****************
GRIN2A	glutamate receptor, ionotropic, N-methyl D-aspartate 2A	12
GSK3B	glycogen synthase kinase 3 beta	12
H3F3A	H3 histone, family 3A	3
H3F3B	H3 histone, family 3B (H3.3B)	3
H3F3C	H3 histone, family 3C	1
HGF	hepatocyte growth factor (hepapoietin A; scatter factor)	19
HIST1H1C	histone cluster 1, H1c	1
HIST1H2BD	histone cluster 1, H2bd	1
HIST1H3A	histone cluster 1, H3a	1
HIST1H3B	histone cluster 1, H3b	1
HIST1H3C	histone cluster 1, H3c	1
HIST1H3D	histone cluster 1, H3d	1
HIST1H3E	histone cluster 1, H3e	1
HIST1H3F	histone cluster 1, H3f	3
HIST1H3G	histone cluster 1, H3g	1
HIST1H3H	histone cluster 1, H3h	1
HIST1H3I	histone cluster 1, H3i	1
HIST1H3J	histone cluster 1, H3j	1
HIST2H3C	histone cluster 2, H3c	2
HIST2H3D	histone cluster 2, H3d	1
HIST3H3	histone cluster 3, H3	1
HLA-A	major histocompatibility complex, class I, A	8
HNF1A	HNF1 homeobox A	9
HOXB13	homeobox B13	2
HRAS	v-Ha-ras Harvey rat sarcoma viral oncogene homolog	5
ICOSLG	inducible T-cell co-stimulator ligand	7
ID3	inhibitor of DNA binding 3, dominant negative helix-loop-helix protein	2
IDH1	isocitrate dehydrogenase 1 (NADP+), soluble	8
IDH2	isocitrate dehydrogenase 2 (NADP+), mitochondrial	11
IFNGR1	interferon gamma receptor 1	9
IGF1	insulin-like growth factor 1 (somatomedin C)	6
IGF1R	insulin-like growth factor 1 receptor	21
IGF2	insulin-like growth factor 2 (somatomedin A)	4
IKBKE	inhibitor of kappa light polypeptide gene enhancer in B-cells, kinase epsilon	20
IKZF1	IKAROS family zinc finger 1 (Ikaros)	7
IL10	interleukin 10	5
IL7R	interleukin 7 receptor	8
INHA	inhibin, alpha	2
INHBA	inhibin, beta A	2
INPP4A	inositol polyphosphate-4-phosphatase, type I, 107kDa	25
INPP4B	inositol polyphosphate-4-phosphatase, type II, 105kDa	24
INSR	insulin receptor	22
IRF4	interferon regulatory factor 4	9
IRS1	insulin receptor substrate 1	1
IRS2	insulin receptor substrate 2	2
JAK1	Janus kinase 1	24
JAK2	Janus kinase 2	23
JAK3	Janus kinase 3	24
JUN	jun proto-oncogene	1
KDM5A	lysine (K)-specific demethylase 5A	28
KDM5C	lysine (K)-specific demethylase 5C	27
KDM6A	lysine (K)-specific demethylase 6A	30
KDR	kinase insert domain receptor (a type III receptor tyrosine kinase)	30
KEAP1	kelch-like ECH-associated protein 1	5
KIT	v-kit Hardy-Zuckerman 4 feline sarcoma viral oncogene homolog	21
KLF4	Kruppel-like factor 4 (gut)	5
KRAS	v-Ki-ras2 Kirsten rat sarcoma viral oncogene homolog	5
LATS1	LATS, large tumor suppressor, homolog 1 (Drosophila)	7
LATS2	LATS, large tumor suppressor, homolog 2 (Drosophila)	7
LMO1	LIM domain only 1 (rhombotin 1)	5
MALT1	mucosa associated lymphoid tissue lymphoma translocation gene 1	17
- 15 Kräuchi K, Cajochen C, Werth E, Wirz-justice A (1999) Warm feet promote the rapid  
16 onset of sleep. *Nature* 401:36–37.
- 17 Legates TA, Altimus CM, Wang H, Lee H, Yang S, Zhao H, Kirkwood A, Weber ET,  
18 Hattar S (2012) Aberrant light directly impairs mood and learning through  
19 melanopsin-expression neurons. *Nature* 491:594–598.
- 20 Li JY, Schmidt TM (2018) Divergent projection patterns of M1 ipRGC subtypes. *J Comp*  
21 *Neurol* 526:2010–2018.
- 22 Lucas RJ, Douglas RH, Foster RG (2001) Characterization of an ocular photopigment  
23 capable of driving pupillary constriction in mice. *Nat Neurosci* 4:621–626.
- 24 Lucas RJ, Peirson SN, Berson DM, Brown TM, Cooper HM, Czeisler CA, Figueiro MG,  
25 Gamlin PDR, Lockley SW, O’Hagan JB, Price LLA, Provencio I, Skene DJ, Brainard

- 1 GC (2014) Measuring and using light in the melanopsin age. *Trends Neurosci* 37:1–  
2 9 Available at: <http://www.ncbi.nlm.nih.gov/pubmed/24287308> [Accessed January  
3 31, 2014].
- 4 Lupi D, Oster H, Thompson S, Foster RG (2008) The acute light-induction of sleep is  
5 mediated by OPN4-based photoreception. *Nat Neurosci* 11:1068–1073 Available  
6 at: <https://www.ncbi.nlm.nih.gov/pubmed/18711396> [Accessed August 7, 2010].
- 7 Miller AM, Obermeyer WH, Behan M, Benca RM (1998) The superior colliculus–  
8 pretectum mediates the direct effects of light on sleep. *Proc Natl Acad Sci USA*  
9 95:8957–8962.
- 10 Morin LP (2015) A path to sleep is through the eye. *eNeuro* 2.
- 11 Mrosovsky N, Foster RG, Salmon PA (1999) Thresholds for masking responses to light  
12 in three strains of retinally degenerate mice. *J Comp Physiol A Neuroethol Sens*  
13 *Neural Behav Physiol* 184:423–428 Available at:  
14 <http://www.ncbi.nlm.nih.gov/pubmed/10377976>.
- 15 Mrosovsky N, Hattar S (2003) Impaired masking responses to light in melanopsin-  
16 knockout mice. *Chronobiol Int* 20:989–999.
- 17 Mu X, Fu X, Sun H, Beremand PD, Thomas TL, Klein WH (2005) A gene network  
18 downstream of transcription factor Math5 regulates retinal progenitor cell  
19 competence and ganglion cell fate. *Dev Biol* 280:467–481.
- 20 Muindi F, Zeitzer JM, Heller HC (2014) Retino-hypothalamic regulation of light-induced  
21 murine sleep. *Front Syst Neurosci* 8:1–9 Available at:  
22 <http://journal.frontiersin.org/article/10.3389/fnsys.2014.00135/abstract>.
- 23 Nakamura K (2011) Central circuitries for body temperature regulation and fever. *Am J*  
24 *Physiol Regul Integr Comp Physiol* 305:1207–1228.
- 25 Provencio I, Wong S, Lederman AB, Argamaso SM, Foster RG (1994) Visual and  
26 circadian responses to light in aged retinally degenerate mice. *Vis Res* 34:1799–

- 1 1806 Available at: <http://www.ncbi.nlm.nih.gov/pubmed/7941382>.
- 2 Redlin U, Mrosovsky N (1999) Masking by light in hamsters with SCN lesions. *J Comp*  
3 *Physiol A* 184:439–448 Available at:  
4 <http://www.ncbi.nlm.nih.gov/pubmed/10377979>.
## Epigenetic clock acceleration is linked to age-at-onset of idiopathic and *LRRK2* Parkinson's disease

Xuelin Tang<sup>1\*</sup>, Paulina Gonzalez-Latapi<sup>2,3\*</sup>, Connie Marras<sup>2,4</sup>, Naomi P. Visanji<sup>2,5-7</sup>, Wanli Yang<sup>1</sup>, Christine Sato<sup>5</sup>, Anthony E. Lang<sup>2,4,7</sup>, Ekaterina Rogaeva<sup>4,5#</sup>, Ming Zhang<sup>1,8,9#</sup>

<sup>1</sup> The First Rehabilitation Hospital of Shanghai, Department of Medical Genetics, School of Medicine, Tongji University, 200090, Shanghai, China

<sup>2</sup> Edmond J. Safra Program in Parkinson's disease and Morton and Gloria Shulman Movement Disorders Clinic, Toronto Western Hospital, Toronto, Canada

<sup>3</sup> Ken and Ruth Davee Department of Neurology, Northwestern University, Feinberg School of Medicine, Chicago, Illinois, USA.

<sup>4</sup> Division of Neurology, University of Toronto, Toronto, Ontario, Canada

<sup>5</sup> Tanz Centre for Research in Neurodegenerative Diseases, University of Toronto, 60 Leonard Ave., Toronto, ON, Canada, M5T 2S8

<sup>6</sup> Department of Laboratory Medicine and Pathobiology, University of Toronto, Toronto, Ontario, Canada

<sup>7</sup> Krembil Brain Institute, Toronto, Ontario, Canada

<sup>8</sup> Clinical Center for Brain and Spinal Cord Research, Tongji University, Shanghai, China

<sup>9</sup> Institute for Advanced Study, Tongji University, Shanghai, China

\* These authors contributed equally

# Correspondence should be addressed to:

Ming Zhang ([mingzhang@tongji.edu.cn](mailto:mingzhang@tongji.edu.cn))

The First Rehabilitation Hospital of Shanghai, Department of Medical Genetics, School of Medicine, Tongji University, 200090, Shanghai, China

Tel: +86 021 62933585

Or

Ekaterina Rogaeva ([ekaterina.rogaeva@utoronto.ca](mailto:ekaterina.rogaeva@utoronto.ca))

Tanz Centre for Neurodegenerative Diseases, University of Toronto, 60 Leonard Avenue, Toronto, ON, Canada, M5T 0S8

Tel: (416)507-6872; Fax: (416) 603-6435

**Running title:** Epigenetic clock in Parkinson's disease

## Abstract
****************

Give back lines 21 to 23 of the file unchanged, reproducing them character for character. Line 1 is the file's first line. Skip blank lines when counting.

HIST3H3	histone cluster 3, H3	1
HLA-A	major histocompatibility complex, class I, A	8
HNF1A	HNF1 homeobox A	9